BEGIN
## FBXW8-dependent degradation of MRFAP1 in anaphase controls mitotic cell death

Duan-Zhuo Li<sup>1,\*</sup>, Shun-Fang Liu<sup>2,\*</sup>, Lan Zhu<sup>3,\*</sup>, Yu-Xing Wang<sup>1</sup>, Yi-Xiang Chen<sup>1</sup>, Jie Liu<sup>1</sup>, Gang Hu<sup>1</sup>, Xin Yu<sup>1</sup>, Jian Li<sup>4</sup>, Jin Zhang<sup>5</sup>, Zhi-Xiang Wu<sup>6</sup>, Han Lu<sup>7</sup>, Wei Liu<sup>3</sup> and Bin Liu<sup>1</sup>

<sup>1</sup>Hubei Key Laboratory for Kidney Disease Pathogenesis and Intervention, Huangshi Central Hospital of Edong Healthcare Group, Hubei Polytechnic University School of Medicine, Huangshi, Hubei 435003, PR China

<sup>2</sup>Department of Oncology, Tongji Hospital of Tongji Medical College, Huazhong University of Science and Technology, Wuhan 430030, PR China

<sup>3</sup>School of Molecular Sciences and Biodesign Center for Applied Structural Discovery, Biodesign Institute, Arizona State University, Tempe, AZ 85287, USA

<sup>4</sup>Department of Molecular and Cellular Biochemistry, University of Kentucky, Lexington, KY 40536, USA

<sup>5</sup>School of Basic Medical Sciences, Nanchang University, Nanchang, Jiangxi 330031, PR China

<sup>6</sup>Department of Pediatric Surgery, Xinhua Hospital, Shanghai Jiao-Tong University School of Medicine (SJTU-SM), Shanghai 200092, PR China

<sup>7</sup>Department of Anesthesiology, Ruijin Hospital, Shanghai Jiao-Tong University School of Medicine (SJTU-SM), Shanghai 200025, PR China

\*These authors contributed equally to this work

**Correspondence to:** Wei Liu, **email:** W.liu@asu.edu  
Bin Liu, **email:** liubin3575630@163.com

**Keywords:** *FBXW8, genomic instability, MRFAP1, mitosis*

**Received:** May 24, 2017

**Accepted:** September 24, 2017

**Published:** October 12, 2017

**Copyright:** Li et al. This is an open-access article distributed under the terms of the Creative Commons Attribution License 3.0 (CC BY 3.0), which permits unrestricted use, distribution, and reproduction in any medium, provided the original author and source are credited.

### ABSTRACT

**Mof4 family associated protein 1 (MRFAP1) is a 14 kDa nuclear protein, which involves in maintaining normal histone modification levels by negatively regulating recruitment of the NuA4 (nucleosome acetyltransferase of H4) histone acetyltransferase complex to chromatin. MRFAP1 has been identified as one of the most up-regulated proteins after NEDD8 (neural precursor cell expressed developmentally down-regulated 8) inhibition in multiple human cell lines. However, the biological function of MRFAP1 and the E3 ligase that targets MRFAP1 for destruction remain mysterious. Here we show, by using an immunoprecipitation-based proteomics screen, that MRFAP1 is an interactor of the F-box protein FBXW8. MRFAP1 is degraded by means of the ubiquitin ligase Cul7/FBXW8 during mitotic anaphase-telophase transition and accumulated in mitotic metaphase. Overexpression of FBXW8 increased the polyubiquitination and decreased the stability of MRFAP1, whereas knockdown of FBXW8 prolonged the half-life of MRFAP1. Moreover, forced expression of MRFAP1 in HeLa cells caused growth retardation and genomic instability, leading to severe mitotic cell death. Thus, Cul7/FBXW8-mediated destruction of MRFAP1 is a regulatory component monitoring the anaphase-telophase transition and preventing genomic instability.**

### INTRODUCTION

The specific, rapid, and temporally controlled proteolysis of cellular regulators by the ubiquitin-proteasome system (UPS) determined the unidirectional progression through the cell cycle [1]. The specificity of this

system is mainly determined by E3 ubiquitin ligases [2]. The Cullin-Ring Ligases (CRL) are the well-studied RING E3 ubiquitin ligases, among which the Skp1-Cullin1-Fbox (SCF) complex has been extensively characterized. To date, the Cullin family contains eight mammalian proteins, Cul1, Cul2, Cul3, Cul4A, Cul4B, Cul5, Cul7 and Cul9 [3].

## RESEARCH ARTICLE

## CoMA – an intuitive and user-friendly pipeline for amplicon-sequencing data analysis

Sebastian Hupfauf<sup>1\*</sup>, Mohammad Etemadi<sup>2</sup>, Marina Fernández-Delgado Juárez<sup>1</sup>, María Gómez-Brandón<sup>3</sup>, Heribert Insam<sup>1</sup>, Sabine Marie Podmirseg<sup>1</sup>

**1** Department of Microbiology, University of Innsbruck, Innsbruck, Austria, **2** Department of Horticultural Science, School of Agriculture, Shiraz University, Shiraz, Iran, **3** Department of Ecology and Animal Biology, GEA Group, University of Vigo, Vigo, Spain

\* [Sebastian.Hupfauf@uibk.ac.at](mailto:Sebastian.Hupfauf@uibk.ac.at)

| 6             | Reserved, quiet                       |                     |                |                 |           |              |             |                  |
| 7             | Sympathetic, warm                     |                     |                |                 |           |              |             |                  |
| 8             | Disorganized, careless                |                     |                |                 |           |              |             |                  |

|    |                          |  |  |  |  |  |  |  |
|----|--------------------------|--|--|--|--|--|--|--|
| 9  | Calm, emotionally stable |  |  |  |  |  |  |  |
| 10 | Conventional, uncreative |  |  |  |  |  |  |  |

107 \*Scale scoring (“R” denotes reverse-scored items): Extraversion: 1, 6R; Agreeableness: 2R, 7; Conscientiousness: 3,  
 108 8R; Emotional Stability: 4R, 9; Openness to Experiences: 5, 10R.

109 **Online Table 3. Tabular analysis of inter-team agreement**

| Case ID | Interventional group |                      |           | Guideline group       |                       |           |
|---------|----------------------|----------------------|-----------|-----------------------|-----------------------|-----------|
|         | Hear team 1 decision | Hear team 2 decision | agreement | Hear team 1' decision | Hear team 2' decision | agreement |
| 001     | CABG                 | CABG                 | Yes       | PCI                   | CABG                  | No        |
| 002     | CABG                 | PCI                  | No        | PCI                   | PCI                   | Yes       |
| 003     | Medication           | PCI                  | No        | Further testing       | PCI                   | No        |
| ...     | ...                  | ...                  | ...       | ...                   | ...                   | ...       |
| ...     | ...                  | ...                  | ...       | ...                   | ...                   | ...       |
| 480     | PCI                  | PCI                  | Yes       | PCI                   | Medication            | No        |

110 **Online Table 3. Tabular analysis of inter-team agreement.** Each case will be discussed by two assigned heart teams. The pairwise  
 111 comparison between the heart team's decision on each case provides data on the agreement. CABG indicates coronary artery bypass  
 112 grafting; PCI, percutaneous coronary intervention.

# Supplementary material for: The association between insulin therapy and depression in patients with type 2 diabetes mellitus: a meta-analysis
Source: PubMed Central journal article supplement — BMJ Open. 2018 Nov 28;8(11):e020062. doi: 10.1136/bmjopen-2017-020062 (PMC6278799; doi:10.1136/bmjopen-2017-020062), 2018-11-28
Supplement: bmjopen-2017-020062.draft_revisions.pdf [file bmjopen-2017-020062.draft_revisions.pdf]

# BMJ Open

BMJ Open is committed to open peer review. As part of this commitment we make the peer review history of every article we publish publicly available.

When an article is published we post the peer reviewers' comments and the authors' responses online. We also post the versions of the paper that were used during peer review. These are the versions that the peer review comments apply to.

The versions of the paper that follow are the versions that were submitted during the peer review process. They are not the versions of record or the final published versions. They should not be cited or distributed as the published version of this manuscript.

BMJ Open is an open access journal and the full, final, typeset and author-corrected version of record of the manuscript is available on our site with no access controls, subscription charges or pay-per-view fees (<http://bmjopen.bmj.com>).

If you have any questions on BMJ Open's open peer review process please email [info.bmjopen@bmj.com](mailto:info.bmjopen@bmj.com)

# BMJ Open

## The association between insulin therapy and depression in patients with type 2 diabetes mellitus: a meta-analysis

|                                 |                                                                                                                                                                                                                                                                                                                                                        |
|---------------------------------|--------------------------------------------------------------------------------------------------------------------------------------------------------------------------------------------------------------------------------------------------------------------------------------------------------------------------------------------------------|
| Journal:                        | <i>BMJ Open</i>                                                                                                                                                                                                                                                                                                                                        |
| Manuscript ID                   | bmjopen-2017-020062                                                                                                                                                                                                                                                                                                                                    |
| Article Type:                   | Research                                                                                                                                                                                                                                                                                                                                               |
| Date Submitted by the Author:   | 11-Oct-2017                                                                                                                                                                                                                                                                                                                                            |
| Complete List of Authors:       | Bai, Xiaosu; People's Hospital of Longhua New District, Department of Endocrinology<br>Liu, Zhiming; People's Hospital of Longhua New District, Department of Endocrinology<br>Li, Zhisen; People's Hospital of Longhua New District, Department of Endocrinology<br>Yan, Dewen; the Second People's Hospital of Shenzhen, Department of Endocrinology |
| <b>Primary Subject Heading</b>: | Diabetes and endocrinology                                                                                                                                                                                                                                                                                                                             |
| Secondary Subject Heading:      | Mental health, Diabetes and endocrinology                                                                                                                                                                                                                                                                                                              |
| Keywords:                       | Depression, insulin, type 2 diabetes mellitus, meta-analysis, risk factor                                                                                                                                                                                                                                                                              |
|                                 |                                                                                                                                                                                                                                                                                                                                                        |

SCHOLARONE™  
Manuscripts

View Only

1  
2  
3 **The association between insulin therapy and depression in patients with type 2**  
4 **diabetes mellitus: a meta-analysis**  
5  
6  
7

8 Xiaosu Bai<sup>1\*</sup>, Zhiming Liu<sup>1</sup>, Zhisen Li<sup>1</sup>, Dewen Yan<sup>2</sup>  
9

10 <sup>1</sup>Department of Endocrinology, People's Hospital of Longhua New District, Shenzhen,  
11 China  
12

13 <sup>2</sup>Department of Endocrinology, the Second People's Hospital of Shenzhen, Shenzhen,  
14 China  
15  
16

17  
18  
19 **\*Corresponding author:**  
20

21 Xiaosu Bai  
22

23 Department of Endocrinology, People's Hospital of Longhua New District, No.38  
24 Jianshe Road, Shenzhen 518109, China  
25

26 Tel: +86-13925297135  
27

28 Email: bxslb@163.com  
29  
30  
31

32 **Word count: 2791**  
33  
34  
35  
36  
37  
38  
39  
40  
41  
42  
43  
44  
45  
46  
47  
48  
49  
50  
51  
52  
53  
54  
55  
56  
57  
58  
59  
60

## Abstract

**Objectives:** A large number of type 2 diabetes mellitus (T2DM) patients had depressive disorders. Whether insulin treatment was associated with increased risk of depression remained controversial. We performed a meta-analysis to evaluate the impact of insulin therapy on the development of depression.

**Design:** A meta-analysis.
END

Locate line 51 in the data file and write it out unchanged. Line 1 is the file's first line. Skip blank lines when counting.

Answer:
Source: PubMed Central journal article supplement — BMJ Open. 2018 Nov 28;8(11):e020062. doi: 10.1136/bmjopen-2017-020062 (PMC6278799; doi:10.1136/bmjopen-2017-020062), 2018-11-28